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Old 02-08-2018, 12:25 PM
hypertex hypertex is online now
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Question about Dr. Briggs' shading series

I read with great interest Dr. Briggs's website, especially this page that mentions a shading series. Here he describes a series of a colors with uniform saturation.

http://www.huevaluechroma.com/101.php

Dr. Briggs also plots a line of uniform saturation on a Munsell page. The line forms a diagonal line on the page. (Fig. 1.7.3)

http://www.huevaluechroma.com/017.php

But then I came across this painter's blog, where the artist matches the shading of a blue sphere to Munsell chips. His series of colors does not form a diagonal line on the Munsell page, but a curve instead. This same artist states in a Youtube video that he frequently encounters the curve on different objects.

http://www.learning-to-see.co.uk/the-colour-of-shadows

I get that there could be some minor deviations from a line of uniform saturation, but I am surprised that it would form a curve. Curiously, the line curves in the lights, not the shadows. What accounts for this? Is it the lighting? Am I not understanding something?
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Old 02-08-2018, 01:04 PM
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KolinskyRed KolinskyRed is offline
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Re: Question about Dr. Briggs' shading series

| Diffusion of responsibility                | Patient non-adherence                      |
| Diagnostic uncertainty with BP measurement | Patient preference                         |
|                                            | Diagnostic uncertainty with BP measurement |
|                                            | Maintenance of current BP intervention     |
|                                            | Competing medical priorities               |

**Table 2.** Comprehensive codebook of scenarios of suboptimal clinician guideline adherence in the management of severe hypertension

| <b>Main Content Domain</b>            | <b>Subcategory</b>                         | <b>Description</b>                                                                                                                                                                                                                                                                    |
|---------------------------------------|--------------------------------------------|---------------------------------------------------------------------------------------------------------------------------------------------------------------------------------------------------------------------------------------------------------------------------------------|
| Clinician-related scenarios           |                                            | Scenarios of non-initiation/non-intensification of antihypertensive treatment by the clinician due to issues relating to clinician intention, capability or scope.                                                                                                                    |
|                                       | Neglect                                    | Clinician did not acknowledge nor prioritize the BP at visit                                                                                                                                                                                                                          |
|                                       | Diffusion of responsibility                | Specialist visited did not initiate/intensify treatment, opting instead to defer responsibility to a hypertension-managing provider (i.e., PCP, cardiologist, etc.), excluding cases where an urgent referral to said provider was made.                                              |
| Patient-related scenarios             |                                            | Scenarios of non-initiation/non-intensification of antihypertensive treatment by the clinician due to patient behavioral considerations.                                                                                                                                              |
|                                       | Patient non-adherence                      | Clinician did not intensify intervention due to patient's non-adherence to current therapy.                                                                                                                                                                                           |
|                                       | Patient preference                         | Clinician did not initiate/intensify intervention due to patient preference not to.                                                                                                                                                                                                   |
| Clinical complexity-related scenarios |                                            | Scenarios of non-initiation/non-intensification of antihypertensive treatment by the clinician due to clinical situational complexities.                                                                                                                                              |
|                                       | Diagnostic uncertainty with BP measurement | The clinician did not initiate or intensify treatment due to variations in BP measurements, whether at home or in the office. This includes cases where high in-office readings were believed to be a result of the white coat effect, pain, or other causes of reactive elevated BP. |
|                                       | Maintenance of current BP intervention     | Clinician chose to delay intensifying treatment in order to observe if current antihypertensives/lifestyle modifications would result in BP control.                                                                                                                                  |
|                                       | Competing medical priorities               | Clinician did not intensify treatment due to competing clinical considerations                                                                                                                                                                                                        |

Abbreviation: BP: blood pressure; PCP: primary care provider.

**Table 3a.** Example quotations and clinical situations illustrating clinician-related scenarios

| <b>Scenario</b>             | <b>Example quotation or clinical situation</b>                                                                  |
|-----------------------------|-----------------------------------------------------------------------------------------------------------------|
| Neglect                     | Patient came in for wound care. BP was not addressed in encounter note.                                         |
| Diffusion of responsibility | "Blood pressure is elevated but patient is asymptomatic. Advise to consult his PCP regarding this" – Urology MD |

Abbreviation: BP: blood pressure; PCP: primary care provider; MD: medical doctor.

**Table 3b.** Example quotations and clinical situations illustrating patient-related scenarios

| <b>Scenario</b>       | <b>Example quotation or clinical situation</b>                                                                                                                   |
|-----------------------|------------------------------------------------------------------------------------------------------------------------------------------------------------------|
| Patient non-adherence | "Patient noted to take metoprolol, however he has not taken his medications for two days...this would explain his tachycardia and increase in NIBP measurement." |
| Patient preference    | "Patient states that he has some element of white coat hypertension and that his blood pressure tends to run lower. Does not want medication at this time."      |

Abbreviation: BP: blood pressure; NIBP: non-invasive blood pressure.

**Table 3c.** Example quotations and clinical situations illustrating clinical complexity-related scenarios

Hi,
Yep - still holds as a concept: From the most chromatic colour of the mid - tone before it begins in to the shadow (red box), the shadow side colours move along the "diagonal" for point source lighting, light quality strong and "cool". It's a concept to explore to avoid getting too dull too fast.



But, in the real set up can be different quality and quantity of lighting, and multiple directions, more diffuse etc. Again, a framework to consider to avoid going too dull too fast. Value does all the work? Well, here's an example that an integrated method is the key to success.

The credit for illustrating this as a concept goes to Munsell and his team, Munsell's colleague and friend Denman Ross, as well as more recently being focused in upon by the paper:
"Shadow Series in the Munsell System" by Paul Centore.

Look for citations, which are often missing.

It's only for one lighting set up, vary the light source(s) ~ vary the effect.

Cheers!

Last edited by KolinskyRed : 02-08-2018 at 01:13 PM.